If you’ve logged onto Facebook anytime in the past few years (and, just as a reminder, you really shouldn’t be doing that), you’ve probably noticed people posting “yummy” baking and kitchen hack videos that look either:
A) too good to be true
B) too fattening to be healthy
C) too potentially disastrous to try
D) all of the above
Hey, you may have even taken Maegan Jean up on her suggestion of “Deep Fried Ice Cream Tacos,” only find yourself staring down at a plate of soggy cookie dough and molten, curdled dairy while wondering how your life led you to this point.
Well, it might not come as a huge surprise, but those videos are pretty much straight-up bullshit. However, what is a little startling is that, not only are these how-to videos unrealistic, there’s also pretty much no different between them and far-right fake news clickbait in that they all are vacuous, algorithmic cash-grabs peddling potentially harmful information.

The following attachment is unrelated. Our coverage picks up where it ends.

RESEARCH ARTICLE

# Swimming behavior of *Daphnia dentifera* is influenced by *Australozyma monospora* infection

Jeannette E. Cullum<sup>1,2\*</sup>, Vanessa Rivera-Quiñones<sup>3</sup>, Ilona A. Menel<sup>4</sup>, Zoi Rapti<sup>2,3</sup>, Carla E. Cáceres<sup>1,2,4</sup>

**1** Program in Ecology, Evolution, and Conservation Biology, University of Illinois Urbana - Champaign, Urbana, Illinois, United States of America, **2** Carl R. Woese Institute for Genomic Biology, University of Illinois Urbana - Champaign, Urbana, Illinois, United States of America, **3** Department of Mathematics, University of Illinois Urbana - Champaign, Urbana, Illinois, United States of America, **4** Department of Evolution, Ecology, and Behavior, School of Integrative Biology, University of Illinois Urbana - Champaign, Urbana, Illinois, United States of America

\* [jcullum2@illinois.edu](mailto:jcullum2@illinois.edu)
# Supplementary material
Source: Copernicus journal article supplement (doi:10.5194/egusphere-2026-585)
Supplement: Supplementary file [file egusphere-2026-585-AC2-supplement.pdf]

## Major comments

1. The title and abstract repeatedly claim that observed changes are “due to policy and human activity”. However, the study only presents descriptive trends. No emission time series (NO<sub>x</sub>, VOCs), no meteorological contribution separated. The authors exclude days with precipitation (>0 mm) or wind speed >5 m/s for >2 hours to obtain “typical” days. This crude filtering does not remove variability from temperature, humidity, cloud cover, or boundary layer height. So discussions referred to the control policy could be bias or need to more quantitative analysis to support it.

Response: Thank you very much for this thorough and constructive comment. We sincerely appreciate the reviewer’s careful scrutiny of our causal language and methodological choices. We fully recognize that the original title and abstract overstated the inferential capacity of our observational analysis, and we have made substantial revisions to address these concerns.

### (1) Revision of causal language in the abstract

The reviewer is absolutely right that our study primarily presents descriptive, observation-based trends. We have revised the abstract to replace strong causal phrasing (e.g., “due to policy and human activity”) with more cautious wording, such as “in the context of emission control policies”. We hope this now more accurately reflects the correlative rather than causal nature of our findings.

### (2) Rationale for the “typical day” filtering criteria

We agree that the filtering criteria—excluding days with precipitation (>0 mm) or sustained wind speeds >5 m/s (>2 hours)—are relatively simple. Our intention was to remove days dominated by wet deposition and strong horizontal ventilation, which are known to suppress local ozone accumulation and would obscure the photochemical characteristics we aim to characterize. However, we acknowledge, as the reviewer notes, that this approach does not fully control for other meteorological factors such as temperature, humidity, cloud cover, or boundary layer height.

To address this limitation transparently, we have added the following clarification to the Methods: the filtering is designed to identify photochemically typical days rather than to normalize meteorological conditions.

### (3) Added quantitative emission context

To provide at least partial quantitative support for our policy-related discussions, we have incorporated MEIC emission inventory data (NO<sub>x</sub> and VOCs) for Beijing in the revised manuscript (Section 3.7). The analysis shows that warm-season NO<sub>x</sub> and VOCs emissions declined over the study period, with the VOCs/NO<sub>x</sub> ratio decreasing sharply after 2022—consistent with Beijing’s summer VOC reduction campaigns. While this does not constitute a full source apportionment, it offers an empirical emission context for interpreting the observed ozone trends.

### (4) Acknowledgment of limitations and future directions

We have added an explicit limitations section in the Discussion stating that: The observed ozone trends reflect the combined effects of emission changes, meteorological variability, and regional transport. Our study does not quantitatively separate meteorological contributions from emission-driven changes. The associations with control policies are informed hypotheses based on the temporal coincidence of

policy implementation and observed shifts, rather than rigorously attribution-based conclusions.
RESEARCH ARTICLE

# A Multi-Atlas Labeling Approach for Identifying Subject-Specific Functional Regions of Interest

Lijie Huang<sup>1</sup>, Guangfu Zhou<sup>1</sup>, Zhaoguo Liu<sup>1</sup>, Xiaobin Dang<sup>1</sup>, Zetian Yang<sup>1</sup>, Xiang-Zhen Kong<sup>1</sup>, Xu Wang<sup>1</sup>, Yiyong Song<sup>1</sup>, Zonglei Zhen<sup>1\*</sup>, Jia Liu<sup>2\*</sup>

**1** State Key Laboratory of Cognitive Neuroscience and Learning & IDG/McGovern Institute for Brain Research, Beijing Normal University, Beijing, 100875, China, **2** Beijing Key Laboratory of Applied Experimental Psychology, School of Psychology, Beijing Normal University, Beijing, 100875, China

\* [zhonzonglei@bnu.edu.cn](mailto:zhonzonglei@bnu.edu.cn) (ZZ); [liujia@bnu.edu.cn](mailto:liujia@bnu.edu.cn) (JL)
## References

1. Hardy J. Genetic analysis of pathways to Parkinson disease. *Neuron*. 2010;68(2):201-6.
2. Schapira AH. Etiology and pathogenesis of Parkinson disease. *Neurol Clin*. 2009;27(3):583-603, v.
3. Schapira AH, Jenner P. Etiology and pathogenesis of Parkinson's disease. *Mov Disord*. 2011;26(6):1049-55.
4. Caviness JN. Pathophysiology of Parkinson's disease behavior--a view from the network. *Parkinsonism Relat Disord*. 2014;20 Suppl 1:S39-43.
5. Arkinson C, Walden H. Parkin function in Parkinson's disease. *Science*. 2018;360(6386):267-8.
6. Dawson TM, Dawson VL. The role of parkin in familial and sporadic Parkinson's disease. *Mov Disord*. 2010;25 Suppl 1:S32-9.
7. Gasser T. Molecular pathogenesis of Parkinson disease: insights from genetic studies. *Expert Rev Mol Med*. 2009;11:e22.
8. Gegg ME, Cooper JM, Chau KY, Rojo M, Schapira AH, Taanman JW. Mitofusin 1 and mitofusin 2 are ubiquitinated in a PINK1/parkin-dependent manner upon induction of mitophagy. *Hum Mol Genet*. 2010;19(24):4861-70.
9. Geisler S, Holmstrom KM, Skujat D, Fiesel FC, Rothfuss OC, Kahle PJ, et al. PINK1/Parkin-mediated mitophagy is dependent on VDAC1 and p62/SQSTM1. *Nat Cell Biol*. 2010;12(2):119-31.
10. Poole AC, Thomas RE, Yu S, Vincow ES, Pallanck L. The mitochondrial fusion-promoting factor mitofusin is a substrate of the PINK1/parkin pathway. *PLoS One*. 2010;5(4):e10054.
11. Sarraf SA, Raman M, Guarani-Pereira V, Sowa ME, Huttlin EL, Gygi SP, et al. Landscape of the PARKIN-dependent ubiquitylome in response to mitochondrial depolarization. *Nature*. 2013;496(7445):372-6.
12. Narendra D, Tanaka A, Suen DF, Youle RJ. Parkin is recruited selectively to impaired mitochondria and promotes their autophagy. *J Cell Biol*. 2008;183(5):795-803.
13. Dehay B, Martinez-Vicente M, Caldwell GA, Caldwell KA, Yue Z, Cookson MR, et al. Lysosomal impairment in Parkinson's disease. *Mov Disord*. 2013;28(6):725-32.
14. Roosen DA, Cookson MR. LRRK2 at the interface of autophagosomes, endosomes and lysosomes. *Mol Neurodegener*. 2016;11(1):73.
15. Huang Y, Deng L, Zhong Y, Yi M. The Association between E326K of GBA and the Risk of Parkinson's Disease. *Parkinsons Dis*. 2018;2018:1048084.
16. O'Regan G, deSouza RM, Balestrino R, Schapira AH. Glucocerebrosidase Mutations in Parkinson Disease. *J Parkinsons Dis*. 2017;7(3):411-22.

As Chris Fox, Ann Reardon, and the BBC point out in the above debunking video, these “recipes” from companies like Blossom and So Yummy are not really designed to teach you fun potluck dinner tricks, but rather to rack up ad revenue through the click-incentivized algorithms that currently rule the internet. And, so far, they’ve been extremely successful, having “clocked up billions of views on YouTube and Facebook,” as Fox explains.
The problem isn’t that your final product doesn’t resemble the example dish—c’mon, that’s a given—it’s that some of the the recipes are straight-up dangerous—one, for example, involves pouring boiling caramel over an electric whisk attachment (the caramel is hot enough to melt plastic).
In the end, Fox and crew suggest what you’re probably thinking yourself at this point—screw the people behind these dangerous cash-grab videos. Another day, another reason for us to unplug our computers and forget the internet ever existed.